Curse Of The Pharaoh


Italian/German Death Metal band HUMATOR released their sophomore album past February 28th 2022, "Curse Of […]
By Santiago Puyol
April 30, 2022
Humator - Curse Of The Pharaoh album cover

Italian/German Death Metal band HUMATOR released their sophomore album past February 28th 2022, "Curse Of The Pharaoh", coming eleven years after their debut album "Memories From The Abyss". Clocking in a little under 40 minutes, Curse Of The Pharaoh is a straightforward Death Metal album with a few proggy and techy tendencies, but that mostly sticks to brutal and to-the-point songwriting, infused with Thrash and Punk urgency.

The album begings by "Opening The Tomb", an atmospheric intro track filled with ambient sounds. It is a vaguely sinister welcome, more of a warning of what evils are about to come. "Anachronism" is the first proper track and it makes for an outstanding mood settler, as it perfectly encapsulates most of what this album has to offer. Great riffing, varied harsh vocal styles -from higher screeches to deep, animalistic growls-, tempo ebbing and flowing, keeping things in flux. A gorgeous solo closes the track in neat fashion.

"Djed" comes next, opening with a cacophony of heaviness; speedy blast beats and noisy guitar work abound. There's even time for a very brief drum solo, or an extended fill, whatever fits the criteria better. A bit of bluesiness creeps into the songwriting by the means of a recurring 6/8 time signature and a strong triplet feel. Being the third longest track, its shifting structure gives a clear epic feel to it, allowing ideas to fully form, develop and slowly give ground to new ones.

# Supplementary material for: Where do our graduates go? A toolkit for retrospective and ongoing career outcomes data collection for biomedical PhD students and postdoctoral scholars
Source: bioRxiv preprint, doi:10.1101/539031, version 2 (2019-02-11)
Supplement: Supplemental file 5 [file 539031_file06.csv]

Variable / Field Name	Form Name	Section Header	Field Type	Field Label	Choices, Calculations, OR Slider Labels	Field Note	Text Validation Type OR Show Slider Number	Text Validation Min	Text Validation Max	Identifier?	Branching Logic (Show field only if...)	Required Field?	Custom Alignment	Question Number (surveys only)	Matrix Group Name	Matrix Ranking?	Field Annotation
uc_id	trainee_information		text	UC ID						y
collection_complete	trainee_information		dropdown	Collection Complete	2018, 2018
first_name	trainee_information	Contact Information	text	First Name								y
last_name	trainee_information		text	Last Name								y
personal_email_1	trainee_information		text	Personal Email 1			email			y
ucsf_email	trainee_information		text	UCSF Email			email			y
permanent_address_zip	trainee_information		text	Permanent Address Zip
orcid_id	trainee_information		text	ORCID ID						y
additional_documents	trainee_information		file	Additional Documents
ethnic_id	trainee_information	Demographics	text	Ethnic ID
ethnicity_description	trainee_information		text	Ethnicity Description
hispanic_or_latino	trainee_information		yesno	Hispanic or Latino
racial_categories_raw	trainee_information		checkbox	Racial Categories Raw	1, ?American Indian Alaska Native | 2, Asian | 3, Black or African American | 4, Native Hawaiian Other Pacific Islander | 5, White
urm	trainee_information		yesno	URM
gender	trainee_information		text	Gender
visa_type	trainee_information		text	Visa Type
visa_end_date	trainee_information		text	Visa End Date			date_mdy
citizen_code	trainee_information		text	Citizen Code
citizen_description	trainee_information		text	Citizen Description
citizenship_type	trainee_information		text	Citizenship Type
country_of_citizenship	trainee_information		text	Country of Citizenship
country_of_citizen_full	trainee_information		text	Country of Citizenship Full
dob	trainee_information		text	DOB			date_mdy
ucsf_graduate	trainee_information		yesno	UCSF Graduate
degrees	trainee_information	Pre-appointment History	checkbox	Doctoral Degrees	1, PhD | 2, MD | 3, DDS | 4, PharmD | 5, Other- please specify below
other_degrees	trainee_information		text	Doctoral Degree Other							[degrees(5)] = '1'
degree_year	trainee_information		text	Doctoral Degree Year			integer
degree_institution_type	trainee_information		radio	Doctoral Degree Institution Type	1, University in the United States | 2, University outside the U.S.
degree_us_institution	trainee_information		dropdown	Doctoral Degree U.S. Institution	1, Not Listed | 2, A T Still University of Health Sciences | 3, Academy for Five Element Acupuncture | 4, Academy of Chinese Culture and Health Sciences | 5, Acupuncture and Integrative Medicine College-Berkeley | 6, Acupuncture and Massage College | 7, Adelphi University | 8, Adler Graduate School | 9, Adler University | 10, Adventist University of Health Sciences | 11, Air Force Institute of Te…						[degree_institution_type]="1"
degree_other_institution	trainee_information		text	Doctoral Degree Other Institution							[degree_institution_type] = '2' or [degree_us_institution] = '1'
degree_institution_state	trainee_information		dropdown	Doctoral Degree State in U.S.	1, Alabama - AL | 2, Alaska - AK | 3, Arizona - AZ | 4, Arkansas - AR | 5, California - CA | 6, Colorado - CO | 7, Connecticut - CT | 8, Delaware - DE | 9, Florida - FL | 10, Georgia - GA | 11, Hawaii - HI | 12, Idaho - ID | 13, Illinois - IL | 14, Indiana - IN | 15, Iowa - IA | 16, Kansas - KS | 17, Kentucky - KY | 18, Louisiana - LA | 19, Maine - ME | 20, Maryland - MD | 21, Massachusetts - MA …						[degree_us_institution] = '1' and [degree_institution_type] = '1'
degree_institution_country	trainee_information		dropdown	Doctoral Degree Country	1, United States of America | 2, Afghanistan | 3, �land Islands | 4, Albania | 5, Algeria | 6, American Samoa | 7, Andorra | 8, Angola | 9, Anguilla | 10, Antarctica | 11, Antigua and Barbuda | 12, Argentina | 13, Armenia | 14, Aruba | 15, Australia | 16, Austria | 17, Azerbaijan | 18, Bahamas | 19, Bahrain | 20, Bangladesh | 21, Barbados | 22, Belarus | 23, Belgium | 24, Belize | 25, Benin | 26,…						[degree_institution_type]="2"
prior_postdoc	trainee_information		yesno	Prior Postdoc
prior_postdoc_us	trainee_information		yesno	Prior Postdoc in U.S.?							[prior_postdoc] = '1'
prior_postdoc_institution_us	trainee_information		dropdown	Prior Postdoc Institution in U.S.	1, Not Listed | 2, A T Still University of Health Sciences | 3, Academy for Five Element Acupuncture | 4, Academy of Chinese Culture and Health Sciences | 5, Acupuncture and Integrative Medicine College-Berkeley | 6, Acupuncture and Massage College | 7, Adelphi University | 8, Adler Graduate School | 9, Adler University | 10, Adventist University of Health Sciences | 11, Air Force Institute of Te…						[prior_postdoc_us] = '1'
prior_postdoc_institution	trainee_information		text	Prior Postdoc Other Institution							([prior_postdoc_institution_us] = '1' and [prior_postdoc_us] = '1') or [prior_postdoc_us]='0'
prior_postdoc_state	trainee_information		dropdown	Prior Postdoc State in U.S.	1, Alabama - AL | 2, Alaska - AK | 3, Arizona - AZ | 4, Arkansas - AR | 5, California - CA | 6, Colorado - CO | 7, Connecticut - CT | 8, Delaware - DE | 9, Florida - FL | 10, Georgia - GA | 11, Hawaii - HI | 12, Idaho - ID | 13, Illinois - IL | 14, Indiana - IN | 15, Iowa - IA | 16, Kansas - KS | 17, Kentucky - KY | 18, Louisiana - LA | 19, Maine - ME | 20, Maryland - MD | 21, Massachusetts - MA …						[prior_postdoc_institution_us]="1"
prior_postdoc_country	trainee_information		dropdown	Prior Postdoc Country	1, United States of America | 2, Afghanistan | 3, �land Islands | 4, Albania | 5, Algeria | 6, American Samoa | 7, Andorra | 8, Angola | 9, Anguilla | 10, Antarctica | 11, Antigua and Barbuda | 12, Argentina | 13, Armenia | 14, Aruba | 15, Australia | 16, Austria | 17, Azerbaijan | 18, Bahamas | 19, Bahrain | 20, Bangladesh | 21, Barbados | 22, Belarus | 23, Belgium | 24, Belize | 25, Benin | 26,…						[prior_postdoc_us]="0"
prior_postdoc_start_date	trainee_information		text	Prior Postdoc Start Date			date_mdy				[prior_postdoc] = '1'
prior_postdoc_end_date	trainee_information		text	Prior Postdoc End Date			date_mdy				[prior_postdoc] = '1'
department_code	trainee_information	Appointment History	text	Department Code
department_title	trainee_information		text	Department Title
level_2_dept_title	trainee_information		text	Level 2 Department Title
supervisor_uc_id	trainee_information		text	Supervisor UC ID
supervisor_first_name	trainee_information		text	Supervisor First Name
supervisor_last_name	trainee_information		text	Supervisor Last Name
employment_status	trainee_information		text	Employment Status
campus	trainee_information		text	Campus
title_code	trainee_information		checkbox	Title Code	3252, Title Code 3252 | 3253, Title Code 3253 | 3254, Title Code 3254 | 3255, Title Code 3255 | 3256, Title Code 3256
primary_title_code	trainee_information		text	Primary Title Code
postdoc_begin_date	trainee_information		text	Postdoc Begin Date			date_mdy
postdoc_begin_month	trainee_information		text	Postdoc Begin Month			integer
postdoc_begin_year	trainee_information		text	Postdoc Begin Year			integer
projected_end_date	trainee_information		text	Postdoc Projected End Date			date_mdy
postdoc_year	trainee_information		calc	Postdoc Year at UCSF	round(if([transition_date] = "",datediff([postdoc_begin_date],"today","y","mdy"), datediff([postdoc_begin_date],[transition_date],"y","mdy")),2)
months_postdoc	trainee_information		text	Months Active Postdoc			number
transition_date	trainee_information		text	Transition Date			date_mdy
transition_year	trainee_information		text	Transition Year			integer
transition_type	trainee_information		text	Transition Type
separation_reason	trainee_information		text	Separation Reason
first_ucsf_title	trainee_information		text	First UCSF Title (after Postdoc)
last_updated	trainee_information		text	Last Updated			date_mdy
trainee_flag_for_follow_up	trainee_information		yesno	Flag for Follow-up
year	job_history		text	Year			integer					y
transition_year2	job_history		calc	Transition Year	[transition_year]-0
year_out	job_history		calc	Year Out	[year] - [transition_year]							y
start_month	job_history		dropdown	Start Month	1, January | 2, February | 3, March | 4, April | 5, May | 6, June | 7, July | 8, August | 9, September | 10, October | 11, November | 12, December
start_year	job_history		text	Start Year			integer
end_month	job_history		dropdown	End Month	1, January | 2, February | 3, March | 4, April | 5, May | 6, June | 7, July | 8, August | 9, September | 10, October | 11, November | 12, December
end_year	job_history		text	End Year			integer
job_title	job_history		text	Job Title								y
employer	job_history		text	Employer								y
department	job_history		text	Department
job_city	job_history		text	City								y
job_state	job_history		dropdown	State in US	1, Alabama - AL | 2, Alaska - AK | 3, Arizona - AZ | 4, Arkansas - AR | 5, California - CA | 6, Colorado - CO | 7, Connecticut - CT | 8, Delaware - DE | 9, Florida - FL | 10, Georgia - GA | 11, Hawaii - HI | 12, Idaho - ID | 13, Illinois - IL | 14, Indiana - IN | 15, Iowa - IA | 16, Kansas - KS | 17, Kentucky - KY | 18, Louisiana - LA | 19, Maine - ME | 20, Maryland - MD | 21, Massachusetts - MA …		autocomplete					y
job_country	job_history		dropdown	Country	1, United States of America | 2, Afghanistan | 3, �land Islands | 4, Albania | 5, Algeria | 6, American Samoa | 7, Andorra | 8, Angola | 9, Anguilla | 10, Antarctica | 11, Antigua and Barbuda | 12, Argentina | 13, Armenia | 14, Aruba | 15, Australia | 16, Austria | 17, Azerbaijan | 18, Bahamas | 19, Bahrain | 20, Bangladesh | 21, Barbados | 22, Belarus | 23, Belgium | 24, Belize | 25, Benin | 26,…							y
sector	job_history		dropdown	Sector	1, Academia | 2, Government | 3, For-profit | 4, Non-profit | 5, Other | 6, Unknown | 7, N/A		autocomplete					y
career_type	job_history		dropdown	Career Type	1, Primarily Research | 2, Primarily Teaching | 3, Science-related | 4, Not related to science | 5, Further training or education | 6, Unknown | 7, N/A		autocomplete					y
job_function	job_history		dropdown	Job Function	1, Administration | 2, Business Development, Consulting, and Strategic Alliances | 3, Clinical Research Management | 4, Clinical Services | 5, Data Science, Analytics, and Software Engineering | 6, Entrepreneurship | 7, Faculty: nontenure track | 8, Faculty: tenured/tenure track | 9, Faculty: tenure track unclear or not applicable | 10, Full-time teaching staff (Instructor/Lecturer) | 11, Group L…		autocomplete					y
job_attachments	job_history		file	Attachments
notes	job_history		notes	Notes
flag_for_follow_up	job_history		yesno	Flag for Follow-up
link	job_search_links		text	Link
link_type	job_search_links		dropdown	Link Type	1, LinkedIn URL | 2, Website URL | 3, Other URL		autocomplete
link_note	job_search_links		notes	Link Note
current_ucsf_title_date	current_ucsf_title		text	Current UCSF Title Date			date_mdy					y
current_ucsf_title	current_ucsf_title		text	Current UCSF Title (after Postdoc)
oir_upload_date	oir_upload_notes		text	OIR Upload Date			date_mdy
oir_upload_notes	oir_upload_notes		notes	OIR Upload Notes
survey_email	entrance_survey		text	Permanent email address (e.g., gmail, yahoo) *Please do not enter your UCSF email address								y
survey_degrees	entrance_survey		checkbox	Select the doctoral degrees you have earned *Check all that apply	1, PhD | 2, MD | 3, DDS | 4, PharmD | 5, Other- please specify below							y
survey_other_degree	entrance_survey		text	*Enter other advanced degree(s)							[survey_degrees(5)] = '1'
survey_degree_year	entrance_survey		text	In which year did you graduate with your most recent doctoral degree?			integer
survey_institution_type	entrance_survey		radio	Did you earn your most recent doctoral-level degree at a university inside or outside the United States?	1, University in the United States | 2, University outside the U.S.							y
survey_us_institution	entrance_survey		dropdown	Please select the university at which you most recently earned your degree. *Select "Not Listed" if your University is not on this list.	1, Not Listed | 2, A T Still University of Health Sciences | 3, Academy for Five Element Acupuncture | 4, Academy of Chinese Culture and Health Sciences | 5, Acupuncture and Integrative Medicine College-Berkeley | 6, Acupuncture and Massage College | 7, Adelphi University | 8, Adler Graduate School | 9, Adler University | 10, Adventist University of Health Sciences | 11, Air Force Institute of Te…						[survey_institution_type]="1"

Slowing down the pace, we go deep down "Into The Crypt". This is a another lengthy -by the album's standards- track that allows for some respite without going any softer or losing the heavy edge. The tempo shift might not be that dramatic, but the rhythm section has a bit of a dragging feel, purposely so, chugging along as it conveys the delicate nature of entering ancient and dangerous territory. Some tremolo picked action and vaguely phrygian melodies reaffirm the menacing nature of this surroundings. Things escalate, as the tempo picks up and the heaviness grows. The mix of screeching and growling makes for an exhilarating mood once again. It ends on a beautiful acoustic coda, very OPETH-like. Together with "Djed", it feels like the centrepiece of the album.

"Sadness" follows with balls-to-the-wall heaviness. It is a short track that ramps up the intensity after a somewhat slower affair. Thrashy, punkish and simply brutal, it cuts right into the bone. A highlight of the record, and a perfect full stop before the lovely folk interlude, "Nynu". It feels a bit like an intermission, after "Curse Of The Pharaoh's" end of its first act.